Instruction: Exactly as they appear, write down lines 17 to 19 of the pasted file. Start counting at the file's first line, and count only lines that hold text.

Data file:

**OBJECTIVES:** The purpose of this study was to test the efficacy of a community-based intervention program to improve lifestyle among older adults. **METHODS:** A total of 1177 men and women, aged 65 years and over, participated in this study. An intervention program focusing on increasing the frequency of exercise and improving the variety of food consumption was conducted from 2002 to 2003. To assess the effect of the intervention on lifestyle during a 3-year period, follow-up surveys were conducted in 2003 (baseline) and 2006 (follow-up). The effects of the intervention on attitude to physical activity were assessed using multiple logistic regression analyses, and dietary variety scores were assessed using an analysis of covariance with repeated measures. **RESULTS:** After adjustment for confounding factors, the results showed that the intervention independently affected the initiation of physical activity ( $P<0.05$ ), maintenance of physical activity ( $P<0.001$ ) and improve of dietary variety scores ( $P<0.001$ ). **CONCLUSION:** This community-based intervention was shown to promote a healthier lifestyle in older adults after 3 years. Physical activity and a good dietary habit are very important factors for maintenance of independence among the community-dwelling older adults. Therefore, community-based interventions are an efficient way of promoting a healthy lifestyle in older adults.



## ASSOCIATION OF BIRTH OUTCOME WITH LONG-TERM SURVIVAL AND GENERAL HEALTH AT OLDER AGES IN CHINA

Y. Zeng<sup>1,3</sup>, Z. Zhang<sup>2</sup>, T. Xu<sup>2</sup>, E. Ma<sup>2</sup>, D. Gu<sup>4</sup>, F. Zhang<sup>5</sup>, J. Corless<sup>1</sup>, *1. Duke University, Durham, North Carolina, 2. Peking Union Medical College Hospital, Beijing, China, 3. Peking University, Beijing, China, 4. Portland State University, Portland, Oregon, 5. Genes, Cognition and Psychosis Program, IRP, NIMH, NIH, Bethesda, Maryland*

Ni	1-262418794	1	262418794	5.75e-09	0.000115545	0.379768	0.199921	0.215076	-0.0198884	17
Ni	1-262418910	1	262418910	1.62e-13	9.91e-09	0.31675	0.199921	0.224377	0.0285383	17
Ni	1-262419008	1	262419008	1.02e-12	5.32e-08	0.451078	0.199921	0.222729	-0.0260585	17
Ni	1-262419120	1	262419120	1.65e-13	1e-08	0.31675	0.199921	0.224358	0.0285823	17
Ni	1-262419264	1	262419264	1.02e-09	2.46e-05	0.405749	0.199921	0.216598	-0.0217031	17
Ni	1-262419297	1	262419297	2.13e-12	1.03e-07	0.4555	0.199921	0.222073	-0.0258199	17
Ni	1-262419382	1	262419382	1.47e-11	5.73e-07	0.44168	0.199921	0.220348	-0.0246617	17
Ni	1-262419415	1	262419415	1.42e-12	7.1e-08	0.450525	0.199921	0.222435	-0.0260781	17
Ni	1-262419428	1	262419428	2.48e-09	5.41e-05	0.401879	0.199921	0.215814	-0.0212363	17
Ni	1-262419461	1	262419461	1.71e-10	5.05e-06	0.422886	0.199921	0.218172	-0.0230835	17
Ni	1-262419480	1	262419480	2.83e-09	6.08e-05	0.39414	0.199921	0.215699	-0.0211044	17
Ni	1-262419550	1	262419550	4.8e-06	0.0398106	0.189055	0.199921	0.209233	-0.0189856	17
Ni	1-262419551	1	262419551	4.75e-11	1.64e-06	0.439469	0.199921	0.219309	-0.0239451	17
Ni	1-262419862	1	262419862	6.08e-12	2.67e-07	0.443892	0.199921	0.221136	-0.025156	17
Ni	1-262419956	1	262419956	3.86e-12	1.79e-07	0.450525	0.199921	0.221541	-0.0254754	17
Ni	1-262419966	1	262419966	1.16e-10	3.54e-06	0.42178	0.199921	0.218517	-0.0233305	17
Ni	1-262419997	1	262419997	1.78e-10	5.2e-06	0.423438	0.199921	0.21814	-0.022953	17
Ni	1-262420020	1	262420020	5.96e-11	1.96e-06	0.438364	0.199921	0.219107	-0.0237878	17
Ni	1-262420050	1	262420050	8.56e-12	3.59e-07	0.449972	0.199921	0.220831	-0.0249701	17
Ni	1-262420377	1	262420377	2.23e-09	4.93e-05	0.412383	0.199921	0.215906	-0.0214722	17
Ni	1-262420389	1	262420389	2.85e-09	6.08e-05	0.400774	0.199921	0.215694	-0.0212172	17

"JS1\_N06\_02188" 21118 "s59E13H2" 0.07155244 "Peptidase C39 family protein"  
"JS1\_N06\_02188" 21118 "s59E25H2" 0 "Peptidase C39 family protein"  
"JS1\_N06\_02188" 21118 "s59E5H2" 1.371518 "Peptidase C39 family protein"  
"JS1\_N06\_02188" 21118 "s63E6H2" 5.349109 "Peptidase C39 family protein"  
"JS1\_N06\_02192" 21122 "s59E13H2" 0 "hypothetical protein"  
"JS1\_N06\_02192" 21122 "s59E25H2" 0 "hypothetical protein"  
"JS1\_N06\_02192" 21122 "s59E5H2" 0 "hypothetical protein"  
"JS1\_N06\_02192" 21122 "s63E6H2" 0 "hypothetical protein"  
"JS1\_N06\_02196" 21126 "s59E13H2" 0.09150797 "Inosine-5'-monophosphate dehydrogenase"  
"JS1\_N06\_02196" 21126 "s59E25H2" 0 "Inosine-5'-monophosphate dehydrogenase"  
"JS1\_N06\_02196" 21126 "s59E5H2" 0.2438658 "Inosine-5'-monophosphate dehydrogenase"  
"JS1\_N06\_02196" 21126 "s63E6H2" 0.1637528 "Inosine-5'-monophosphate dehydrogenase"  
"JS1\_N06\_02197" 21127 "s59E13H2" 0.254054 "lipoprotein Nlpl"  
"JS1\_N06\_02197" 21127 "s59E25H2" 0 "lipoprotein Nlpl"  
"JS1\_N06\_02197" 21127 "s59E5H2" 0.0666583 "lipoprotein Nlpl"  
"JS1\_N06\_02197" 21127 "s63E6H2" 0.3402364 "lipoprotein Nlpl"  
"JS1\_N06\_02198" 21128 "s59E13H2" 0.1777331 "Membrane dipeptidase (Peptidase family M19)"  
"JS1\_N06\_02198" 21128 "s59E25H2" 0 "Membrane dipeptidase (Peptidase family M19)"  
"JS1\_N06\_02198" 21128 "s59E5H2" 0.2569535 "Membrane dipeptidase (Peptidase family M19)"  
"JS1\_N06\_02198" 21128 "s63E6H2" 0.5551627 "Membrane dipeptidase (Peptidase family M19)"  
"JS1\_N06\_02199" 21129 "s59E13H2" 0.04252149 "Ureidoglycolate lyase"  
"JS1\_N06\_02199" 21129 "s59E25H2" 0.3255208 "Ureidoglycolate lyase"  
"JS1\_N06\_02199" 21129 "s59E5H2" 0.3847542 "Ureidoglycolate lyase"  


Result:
Ni	1-262419862	1	262419862	6.08e-12	2.67e-07	0.443892	0.199921	0.221136	-0.025156	17
Ni	1-262419956	1	262419956	3.86e-12	1.79e-07	0.450525	0.199921	0.221541	-0.0254754	17
Ni	1-262419966	1	262419966	1.16e-10	3.54e-06	0.42178	0.199921	0.218517	-0.0233305	17